There is a flawed sense of destiny flowing from somewhere in New York right about now. That flawed feeling is emanating from tiny Citi Field in Queens, New York. Yes, the pit of hopeless dreams, invisible fans, and bad baseball, the New York Mets think they are players again.
Specifically, the New York Mets "think" they are now ready to make a big time splash and land either or both Colorado Rockies superstars Troy Tulowitzki and Carlos Gonzalez.
Years ago such a notion would be a move that former GM Omar Minaya would get done in his sleep, no matter how deep it would plunge the Mets into salary cap hell. Yet here were are at a crossroads in the Sandy Alderson era. Are the Mets really ready to spend big bucks? Are the Wilpons ready to open the safes and checkbooks again after watching them get burned by Bernie Madoff and a bad product on the field?
Well, if the rumors that have run rampant this week are true, then the answer is, YES! The Mets want to make a move, but according to Jon Heyman of CBS Sports, such a move probably won't happen until the off-season, after talks "never got off the ground."
Any thought of bringing in one or two great players should bring about a lot of cheer, and hope, but this feels more like a desperate attempt by a bad franchise to gain attention when there's nothing to talk about.
For starters, both Tulowitzki and Gonzalez are under contract; meaning that if the Mets were to acquire them, they would be on the hook for the remainder of their long term deals, something the Wilpon's have been hesitant about committing to in the recent past.
How about this tidbit. Tulowitzki is owed a minimum of $118 millon through 2020, and Gonzalez is owed $53 million over the next three seasons, starting in 2015. That's $171 million in contracts on two players, who are not always sure bets to stay healthy throughout a season. Both Gonzalez and Tulowitzki have spent significant time on the DL this season. The Mets who have been pinching pennies since 2009 are not going to suddenly change course and spend like bandits again.
Those days are over. The Wilpon's have run this franchise like a defacto small market club. They are running it they way they have always envisioned since they got full control in the early 00's. It took Minaya to convince them to spend in 2005, and Alderson is not as persuasive as Minaya was.
In addition, the Rockies want a kings ransom for one or both players. The Mets who have a plethora of young starting pitchers probably would have to part with Noah Syndergaard, along with Rafael Montero, Jacob DeGrom, among others.
There was speculation that the Mets would be willing to trade a prospect like Syndergaard, but that would mean they are sold on the likes of Jon Niese and Dillon Gee at the major league level. Which, if they were smart, they should not be.
While the Mets say they are willing to part ways with their prospects, I will believe it when I see it. Eventually the Mets will trade a few of their top guys, but I highly doubt Syndergaard will be involved, unless a team like the Rockies is desperate.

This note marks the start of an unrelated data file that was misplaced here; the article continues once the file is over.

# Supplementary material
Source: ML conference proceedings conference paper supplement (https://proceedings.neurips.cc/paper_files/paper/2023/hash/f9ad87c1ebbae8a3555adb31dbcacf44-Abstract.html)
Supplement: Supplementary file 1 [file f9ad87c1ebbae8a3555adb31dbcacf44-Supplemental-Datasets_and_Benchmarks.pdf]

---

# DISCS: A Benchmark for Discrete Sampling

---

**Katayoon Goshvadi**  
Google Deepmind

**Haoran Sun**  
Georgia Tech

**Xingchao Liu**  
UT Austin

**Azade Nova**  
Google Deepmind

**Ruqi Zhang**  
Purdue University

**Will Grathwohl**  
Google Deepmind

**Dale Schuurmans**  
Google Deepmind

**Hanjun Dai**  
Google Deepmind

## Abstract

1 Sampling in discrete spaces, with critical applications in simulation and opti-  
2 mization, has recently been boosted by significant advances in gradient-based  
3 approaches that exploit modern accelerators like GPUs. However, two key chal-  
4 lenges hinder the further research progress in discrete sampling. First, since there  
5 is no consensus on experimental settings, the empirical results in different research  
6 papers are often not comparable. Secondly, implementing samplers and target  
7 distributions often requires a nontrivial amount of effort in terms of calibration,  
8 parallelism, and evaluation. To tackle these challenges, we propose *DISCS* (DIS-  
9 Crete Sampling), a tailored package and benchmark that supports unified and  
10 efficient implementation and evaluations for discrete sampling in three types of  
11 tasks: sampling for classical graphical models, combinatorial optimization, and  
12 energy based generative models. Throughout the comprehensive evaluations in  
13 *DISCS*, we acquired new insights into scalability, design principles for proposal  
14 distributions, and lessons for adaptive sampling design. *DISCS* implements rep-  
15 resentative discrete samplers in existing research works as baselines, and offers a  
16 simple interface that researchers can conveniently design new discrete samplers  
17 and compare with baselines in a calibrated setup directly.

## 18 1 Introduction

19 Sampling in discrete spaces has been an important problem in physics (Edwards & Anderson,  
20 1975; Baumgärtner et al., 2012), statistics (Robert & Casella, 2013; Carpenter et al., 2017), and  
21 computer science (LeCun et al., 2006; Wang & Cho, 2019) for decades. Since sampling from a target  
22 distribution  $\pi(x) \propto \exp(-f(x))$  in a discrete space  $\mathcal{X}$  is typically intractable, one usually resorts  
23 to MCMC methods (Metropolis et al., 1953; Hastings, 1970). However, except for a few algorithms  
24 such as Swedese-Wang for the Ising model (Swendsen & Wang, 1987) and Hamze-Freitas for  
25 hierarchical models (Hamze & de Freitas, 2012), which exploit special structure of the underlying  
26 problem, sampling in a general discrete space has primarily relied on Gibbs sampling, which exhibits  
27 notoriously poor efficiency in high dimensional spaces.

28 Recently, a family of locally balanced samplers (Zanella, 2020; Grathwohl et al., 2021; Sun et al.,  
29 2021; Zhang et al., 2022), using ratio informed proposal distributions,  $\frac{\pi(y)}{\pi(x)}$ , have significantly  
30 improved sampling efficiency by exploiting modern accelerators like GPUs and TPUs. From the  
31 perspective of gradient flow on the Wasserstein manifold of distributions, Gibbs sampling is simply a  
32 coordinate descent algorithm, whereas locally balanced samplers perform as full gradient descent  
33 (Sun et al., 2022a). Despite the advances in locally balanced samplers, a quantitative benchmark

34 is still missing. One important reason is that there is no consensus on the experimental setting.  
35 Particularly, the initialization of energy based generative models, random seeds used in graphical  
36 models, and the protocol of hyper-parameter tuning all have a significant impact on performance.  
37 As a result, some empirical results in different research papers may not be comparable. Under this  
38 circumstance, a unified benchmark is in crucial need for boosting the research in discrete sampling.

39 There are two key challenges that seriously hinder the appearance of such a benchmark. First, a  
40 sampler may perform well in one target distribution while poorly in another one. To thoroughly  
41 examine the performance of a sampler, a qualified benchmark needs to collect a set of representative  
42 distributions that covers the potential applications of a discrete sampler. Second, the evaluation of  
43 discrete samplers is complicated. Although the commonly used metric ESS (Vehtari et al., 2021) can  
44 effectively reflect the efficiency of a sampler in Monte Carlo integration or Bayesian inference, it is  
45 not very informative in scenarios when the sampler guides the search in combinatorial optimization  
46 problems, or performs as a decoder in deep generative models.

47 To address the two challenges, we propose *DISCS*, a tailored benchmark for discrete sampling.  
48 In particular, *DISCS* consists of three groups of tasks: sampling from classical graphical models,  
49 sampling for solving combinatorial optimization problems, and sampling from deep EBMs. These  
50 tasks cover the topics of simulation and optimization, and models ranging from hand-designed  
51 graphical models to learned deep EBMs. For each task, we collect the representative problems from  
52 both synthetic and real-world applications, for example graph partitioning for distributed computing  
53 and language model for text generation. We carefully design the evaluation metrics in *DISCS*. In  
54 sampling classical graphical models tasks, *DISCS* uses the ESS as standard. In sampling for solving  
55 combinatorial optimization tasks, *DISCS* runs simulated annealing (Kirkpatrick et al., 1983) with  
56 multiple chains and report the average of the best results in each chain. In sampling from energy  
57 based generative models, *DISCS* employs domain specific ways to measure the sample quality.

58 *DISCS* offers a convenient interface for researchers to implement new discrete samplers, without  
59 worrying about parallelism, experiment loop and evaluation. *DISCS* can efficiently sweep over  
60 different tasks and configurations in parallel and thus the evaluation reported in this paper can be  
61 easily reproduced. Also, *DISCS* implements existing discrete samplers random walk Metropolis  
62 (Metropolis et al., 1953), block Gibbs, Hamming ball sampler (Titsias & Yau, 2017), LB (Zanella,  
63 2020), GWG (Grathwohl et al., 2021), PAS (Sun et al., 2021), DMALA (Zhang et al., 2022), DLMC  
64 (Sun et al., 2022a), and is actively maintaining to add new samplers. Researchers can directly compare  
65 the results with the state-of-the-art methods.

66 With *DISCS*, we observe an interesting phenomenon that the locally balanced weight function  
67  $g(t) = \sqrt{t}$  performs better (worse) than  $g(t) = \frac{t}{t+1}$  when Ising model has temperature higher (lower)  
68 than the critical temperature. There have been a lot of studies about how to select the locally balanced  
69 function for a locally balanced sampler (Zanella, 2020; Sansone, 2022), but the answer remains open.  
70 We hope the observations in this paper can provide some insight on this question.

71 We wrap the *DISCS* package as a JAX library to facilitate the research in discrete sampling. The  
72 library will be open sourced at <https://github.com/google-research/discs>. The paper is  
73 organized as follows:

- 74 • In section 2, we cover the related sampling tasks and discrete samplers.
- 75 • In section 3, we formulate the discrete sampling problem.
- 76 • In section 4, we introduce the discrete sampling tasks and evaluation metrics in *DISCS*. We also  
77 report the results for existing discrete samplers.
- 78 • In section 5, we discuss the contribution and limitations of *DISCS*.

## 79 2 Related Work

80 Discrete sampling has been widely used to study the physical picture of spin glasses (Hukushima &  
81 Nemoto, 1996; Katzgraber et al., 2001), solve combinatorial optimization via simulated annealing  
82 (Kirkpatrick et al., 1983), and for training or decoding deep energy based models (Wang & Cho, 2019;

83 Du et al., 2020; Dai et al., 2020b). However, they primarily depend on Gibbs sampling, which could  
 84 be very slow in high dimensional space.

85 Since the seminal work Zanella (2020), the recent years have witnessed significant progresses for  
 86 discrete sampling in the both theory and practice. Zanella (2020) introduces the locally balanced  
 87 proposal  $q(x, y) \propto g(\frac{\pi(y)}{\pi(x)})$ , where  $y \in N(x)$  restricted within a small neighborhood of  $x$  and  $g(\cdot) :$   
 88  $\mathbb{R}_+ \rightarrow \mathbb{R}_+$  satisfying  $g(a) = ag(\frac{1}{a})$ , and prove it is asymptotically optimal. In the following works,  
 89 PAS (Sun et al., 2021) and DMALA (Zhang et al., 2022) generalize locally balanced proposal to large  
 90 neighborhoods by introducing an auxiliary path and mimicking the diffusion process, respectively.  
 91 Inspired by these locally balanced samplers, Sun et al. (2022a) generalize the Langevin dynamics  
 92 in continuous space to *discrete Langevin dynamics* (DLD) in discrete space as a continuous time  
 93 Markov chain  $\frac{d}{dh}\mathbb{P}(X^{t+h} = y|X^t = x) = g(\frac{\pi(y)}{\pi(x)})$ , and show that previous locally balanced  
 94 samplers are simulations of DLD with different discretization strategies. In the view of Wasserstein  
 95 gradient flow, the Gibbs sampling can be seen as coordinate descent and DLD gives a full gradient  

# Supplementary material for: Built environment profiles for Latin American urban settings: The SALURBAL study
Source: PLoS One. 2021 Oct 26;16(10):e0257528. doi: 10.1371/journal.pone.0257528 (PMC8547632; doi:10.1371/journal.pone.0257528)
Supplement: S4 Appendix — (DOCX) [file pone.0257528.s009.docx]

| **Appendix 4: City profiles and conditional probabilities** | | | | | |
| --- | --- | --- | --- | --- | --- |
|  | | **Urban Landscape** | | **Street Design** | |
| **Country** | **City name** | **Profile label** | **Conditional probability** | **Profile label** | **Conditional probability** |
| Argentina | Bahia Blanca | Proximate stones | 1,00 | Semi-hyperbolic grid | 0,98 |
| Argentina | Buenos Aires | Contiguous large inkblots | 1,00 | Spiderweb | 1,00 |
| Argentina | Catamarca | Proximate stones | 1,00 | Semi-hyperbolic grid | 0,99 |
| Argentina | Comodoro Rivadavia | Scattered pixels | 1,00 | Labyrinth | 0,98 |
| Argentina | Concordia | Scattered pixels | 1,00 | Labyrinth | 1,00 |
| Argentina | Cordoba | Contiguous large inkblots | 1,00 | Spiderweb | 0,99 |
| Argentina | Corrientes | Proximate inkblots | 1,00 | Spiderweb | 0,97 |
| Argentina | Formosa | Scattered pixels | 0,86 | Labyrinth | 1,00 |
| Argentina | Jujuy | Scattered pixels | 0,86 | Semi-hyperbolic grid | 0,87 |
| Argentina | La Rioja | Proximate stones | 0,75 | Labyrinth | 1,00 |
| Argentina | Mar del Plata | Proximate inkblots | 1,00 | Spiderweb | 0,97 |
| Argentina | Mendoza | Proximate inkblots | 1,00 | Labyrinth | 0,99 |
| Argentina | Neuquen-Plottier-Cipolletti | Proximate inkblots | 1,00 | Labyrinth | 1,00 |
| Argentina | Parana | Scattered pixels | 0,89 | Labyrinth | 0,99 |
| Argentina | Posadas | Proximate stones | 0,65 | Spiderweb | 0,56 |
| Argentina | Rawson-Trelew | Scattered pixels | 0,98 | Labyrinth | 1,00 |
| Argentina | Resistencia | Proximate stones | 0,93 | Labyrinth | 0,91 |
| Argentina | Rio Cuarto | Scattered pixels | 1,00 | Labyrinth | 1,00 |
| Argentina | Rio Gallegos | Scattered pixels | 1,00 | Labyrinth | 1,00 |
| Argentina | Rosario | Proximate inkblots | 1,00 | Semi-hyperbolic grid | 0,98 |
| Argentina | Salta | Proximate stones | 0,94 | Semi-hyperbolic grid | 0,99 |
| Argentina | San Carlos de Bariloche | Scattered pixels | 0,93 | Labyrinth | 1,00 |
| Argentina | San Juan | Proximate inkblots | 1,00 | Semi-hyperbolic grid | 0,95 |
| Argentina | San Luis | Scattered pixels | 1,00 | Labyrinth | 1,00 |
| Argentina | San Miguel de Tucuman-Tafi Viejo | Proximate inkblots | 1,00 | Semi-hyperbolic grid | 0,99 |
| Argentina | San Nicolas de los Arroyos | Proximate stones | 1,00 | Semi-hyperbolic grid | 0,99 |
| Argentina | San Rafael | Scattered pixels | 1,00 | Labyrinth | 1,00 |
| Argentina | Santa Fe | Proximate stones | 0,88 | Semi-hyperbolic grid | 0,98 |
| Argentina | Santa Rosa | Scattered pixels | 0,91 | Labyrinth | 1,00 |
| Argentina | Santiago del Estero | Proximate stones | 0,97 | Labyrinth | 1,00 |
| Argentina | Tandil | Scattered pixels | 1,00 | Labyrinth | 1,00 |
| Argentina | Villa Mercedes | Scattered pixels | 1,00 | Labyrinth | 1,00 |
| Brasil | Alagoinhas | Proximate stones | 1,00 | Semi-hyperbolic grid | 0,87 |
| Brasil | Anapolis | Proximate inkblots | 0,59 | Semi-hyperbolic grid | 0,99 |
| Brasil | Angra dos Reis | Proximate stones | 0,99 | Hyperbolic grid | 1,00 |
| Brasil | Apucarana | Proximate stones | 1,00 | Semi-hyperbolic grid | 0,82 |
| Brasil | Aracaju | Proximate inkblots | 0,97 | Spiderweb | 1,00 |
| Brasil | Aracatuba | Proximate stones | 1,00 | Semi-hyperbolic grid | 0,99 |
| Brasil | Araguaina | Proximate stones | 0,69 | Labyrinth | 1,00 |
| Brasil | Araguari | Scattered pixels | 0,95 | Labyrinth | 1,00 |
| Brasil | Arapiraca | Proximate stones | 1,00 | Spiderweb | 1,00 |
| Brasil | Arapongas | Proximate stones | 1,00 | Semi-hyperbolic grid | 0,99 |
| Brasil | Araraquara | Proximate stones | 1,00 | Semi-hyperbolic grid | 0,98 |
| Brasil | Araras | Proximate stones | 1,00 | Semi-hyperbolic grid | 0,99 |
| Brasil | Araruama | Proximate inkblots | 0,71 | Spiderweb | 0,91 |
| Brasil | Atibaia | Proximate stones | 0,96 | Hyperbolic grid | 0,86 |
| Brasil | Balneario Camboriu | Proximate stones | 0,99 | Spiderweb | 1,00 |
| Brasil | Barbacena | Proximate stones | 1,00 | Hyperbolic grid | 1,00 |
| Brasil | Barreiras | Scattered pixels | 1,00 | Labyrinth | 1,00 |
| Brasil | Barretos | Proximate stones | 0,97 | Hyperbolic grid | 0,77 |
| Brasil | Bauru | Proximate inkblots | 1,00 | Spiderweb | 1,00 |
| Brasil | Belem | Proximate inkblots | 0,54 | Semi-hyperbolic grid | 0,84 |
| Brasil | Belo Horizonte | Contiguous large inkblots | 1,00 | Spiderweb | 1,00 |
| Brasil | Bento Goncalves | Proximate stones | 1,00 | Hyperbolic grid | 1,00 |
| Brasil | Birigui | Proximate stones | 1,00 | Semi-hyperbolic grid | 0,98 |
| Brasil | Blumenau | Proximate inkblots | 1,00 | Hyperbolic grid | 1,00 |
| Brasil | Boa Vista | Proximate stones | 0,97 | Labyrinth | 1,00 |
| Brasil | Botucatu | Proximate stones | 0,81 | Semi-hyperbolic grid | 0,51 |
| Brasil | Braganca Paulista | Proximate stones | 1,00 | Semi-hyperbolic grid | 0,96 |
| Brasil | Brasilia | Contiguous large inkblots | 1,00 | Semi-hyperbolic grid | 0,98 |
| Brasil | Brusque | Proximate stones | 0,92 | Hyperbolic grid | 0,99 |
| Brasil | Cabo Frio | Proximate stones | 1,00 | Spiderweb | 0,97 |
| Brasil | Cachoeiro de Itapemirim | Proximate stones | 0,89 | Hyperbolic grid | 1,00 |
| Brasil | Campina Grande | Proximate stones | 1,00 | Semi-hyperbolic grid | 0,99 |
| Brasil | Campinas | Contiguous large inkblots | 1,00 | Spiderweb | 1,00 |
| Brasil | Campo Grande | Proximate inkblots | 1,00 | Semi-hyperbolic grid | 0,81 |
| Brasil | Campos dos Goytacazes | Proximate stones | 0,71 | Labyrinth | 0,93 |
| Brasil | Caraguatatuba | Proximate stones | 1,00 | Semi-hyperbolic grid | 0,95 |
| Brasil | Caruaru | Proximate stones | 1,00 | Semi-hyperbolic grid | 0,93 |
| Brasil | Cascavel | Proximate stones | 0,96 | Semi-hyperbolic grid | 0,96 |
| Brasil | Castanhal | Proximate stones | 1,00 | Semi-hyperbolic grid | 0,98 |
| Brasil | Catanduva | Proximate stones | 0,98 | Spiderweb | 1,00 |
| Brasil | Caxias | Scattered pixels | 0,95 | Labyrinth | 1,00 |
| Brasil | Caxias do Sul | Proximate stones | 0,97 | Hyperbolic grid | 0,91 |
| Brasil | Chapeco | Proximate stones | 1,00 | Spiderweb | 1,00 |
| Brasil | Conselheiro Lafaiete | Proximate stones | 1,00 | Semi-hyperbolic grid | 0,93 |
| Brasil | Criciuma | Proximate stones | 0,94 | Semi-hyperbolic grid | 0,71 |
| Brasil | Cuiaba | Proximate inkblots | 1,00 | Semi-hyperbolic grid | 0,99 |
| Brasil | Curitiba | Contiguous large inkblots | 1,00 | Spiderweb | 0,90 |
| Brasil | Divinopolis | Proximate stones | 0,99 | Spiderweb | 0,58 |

Finally here is the 3,000 pound gorrilla in the room: are the Mets ready to contend? Acquiring Tulowitzki and Gonzalez would be a great move for a team like the Yankees, or the Pirates, or the Orioles, Tigers, A's, Giants -- you get the picture -- teams that are really ready to contend for a championship.
The Mets are not a player or two away from being NL East championship contenders. They are not even a player away from being a .500 team. This club has struggled to stay within five or six games under .500 all season. They have had their ups and downs all year, but really are not making much progress.
The Mets will head into 2015 having to answer this question about whether they believe that the DeGrom's, Gee's Niese's, Wheeler's, Duda's and D'Arnout's of the world are indeed the pieces to the puzzle. In other words the same questions they had coming into this year. David Wright will be 32 years old, his prime is over, and he's now on the downside of his career. Curtis Granderson is not in his prime either.
The only shinning light for the Mets is the pending return of Matt Harvey, and possibly the call up of Syndergaard. But that is not enough to make me believe that this team will make a leap from playing .470 ball to playing .570 or better in 2015. In the NFL, teams can go from being sub .500 to Super Bowl contenders with the flick of a wrist. That world doesn't exist in Major League Baseball.
Tulowitzki, 29, and Gonzalez, 28, are no spring chickens. They want to be on a winner. Tulowitzki has gone as far as to say he wants out of Colorado so he can play for a team that has a shot at a World Series ring. The Mets are still light-years away from even being a wild card team.
In another time, there would be no question that the Mets should pursue these two guys, but until they actually show a true commitment to winning, don't bet on it.